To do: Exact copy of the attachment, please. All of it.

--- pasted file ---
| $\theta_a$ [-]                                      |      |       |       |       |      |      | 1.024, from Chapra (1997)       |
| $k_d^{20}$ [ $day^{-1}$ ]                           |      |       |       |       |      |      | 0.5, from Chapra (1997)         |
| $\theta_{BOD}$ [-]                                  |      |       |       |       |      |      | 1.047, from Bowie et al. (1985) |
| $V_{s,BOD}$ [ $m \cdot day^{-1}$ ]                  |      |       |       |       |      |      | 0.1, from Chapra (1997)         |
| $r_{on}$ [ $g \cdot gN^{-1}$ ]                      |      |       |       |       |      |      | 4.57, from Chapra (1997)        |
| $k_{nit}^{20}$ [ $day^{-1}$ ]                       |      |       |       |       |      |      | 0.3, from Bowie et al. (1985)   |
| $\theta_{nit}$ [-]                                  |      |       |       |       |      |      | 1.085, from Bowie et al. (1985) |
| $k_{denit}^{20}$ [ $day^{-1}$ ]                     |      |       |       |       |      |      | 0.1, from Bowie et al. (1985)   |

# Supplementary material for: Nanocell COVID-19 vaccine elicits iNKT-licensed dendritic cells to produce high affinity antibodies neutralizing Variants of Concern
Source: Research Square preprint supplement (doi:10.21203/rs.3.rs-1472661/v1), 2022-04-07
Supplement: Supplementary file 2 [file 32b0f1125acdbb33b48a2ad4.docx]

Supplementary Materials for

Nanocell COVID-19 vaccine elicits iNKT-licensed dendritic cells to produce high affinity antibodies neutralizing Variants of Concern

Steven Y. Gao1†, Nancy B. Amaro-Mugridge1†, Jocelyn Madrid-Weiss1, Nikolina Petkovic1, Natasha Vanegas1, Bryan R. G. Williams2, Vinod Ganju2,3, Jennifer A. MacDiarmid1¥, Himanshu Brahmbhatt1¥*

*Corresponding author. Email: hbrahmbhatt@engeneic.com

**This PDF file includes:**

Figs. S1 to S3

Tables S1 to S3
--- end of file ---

| $\theta_a$ [-]                                      |      |       |       |       |      |      | 1.024, from Chapra (1997)       |
| $k_d^{20}$ [ $day^{-1}$ ]                           |      |       |       |       |      |      | 0.5, from Chapra (1997)         |
| $\theta_{BOD}$ [-]                                  |      |       |       |       |      |      | 1.047, from Bowie et al. (1985) |
| $V_{s,BOD}$ [ $m \cdot day^{-1}$ ]                  |      |       |       |       |      |      | 0.1, from Chapra (1997)         |
| $r_{on}$ [ $g \cdot gN^{-1}$ ]                      |      |       |       |       |      |      | 4.57, from Chapra (1997)        |
| $k_{nit}^{20}$ [ $day^{-1}$ ]                       |      |       |       |       |      |      | 0.3, from Bowie et al. (1985)   |
| $\theta_{nit}$ [-]                                  |      |       |       |       |      |      | 1.085, from Bowie et al. (1985) |
| $k_{denit}^{20}$ [ $day^{-1}$ ]                     |      |       |       |       |      |      | 0.1, from Bowie et al. (1985)   |

# Supplementary material for: Nanocell COVID-19 vaccine elicits iNKT-licensed dendritic cells to produce high affinity antibodies neutralizing Variants of Concern
Source: Research Square preprint supplement (doi:10.21203/rs.3.rs-1472661/v1), 2022-04-07
Supplement: Supplementary file 2 [file 32b0f1125acdbb33b48a2ad4.docx]

Supplementary Materials for

Nanocell COVID-19 vaccine elicits iNKT-licensed dendritic cells to produce high affinity antibodies neutralizing Variants of Concern

Steven Y. Gao1†, Nancy B. Amaro-Mugridge1†, Jocelyn Madrid-Weiss1, Nikolina Petkovic1, Natasha Vanegas1, Bryan R. G. Williams2, Vinod Ganju2,3, Jennifer A. MacDiarmid1¥, Himanshu Brahmbhatt1¥*

*Corresponding author. Email: hbrahmbhatt@engeneic.com

**This PDF file includes:**

Figs. S1 to S3

Tables S1 to S3